After Stella Pomeroy, I read Black Boy, Native Son, and His Eye Is on the Sparrow, which is the autobiography of the black actress Ethel Waters. I was raised in a D.C. that for me was primarily populated by blacks who had been born and raised in the South. I grew up hearing stories about that place. What those latter three books did was make literary all those oral stories. The books put them all into words that I could go back to again and again. Native Son only added to that -- from the first ringing of the alarm clock, I was in the urban world of Chicago, but it was as familiar as D.C. The people were the same, what they did, good and bad, were the same; it was Wright's Chicago, but it was home for me.

  1. Native Son by Richard Wright

    Book Cover: Native Son by Richard Wright
    (children books, literature and fiction, teens)

  2. Jane Eyre by Charlotte Brontë

    Book Cover: Jane Eyre by Charlotte Brontë
    (literature and fiction, classics)

    "when I think of that book, it conjures up the best moments of college English courses. Literature is extraordinary, especially when you have a good professor."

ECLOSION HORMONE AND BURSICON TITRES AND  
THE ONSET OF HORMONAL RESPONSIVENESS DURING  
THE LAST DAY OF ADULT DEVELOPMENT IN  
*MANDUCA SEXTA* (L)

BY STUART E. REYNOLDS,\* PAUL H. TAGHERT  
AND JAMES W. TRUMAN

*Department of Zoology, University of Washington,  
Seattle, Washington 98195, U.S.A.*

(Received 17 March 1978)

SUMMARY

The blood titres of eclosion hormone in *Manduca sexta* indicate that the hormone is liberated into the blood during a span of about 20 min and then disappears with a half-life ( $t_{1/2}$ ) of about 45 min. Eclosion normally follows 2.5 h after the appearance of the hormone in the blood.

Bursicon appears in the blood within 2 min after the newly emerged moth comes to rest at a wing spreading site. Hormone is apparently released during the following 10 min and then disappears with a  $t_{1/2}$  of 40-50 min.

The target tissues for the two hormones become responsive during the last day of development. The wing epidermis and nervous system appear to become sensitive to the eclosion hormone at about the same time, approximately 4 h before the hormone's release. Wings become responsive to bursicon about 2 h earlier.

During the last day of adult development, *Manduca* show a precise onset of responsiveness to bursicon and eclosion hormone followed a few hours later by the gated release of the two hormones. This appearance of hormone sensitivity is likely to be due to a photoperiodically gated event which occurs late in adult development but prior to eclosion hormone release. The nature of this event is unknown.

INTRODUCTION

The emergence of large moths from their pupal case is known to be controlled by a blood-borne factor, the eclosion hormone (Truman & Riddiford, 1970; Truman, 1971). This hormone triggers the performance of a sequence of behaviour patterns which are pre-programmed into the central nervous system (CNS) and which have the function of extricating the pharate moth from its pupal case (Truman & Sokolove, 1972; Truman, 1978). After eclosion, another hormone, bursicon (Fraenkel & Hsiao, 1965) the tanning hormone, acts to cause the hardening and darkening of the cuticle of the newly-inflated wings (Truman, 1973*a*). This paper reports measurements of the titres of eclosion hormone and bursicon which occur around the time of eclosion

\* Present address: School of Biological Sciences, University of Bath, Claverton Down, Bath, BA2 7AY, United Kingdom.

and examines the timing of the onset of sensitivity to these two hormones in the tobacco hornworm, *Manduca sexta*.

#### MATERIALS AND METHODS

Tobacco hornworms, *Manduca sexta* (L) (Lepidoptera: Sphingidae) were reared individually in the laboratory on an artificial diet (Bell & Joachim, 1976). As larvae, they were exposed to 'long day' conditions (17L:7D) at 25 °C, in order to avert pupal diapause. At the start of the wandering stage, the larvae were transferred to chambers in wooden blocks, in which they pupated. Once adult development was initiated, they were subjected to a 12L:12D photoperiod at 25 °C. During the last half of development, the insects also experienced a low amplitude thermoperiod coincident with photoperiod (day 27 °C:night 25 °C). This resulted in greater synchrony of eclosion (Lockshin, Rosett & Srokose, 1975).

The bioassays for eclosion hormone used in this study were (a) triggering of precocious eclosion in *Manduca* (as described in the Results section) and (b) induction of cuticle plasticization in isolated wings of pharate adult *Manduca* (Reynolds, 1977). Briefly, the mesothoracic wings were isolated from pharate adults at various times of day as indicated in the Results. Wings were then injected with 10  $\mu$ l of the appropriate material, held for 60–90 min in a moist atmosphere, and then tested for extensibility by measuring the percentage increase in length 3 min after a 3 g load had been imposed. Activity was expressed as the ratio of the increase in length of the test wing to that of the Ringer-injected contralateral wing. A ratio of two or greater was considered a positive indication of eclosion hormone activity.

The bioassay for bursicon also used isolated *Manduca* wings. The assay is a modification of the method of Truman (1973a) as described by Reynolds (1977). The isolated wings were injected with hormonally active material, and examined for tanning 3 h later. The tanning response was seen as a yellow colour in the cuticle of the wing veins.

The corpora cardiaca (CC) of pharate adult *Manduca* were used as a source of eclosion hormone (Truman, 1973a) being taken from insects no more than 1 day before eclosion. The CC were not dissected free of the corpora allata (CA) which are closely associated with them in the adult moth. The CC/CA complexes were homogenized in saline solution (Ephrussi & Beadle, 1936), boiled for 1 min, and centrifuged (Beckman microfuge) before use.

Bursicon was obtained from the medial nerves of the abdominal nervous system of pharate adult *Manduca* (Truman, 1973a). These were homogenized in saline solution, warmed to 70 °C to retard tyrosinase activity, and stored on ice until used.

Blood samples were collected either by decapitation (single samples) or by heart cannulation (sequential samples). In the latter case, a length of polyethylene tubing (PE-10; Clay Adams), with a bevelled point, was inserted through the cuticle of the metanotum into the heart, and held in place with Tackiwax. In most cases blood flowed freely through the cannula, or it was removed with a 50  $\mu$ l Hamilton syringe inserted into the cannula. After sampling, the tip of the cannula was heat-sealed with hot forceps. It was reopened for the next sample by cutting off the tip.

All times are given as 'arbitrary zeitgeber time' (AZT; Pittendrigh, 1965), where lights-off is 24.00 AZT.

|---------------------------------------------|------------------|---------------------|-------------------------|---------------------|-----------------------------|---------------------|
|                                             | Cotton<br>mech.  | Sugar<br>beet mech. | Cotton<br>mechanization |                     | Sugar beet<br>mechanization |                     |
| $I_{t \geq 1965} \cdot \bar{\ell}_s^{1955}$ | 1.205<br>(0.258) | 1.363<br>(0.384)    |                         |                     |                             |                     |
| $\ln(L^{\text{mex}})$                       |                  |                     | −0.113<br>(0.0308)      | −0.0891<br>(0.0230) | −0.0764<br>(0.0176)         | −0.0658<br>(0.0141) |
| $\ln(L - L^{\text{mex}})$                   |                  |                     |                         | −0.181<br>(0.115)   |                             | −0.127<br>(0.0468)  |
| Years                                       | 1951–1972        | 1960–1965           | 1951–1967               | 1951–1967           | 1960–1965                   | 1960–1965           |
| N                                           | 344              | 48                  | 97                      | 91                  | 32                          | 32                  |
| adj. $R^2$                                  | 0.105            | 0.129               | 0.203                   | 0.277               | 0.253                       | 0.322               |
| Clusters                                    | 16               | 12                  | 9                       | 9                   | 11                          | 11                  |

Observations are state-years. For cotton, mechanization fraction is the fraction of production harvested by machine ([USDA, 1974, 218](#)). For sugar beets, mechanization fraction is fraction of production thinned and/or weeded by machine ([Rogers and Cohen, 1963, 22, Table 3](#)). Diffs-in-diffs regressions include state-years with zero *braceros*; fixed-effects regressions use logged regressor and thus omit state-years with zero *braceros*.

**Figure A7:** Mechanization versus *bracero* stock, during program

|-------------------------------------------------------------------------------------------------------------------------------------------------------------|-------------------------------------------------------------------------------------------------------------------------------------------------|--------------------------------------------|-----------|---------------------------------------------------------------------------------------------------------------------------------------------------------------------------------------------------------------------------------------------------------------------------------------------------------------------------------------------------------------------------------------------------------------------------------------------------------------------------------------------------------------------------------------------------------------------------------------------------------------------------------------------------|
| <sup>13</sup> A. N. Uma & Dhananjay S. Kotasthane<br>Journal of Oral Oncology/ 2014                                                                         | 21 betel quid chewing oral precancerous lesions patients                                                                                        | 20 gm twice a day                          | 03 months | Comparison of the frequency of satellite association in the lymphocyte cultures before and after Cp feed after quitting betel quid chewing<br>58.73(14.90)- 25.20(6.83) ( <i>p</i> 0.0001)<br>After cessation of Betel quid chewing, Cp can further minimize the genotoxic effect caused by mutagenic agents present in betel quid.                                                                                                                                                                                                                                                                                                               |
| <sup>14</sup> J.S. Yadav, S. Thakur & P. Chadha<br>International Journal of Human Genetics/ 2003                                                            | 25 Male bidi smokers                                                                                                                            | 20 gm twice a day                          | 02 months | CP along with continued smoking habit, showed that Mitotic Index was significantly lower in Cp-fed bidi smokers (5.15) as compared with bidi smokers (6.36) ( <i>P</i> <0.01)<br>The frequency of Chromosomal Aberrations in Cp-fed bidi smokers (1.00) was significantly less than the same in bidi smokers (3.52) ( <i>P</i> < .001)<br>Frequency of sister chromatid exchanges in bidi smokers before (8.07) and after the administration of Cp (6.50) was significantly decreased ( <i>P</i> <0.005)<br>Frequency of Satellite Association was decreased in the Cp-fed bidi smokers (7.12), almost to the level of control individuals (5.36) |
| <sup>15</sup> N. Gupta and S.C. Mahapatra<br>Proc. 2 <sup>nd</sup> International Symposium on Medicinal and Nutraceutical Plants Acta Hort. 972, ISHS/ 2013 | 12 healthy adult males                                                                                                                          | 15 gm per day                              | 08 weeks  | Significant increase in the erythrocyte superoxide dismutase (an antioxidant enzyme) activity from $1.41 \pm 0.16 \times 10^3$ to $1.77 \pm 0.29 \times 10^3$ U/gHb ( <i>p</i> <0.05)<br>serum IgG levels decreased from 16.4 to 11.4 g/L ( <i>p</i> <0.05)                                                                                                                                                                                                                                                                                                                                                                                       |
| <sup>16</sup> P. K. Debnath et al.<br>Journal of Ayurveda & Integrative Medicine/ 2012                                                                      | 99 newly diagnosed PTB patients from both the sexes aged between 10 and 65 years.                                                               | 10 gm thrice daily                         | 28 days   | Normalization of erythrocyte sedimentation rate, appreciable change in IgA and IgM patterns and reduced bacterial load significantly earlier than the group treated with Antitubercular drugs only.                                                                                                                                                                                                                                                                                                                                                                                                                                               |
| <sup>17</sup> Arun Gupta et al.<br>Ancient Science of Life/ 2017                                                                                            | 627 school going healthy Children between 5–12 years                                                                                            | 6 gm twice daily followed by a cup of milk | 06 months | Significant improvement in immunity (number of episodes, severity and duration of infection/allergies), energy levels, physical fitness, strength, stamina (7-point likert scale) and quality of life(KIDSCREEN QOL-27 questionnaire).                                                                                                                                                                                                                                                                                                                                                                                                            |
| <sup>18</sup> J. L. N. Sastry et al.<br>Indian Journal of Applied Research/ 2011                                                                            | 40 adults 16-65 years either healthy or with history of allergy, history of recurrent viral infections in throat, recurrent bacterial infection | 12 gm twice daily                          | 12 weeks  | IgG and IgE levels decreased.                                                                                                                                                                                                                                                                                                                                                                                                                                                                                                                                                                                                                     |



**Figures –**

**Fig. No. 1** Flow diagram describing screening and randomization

I have the complete stories of Chekhov. Anyone who writes short stories can tell you why he is important.

  1. Anton Chekhov's Short Stories by Anton Chekhov

    Book Cover: Anton Chekhov
    (classics, literature and fiction)

  2. The Complete Short Novels by Anton Chekhov

    Book Cover: The Complete Short Novels by Anton Chekhov
    (classics, literature and fiction)

  3. Tales of Chekhov (13 Volume Set) by Anton Chekhov

    Book Cover: Tales of Chekhov (13 Volume Set) by Anton Chekhov
    (literature and fiction, classics, writing, fantasy)

To Kill a Mockingbird and In Cold Blood. I was well away from the first books I ever read, but these two, and dozens of others (the novels of Erskine Caldwell; Coming of Age in Mississippi: The Autobiography of Anne Moody; etc. provided a continuing voyage into very detailed worlds. These books and others were all read before college and they were further proof of my decision that funny books were not enough for me. I didn't know but my mind was expanding and I was fortunate to have discovered the proper nourishment. The idea of writing was still years and years away but the groundwork was being laid -- this was good writing, special writing, and a part of my brain was making note of that for the day when I sat down to write.

  1. To Kill a Mockingbird by Harper Lee

    Book Cover: To Kill a Mockingbird by Harper Lee
    (literature and fiction, classics, mystery and thrillers)

  2. In Cold Blood by Truman Capote

    Book Cover: In Cold Blood by Truman Capote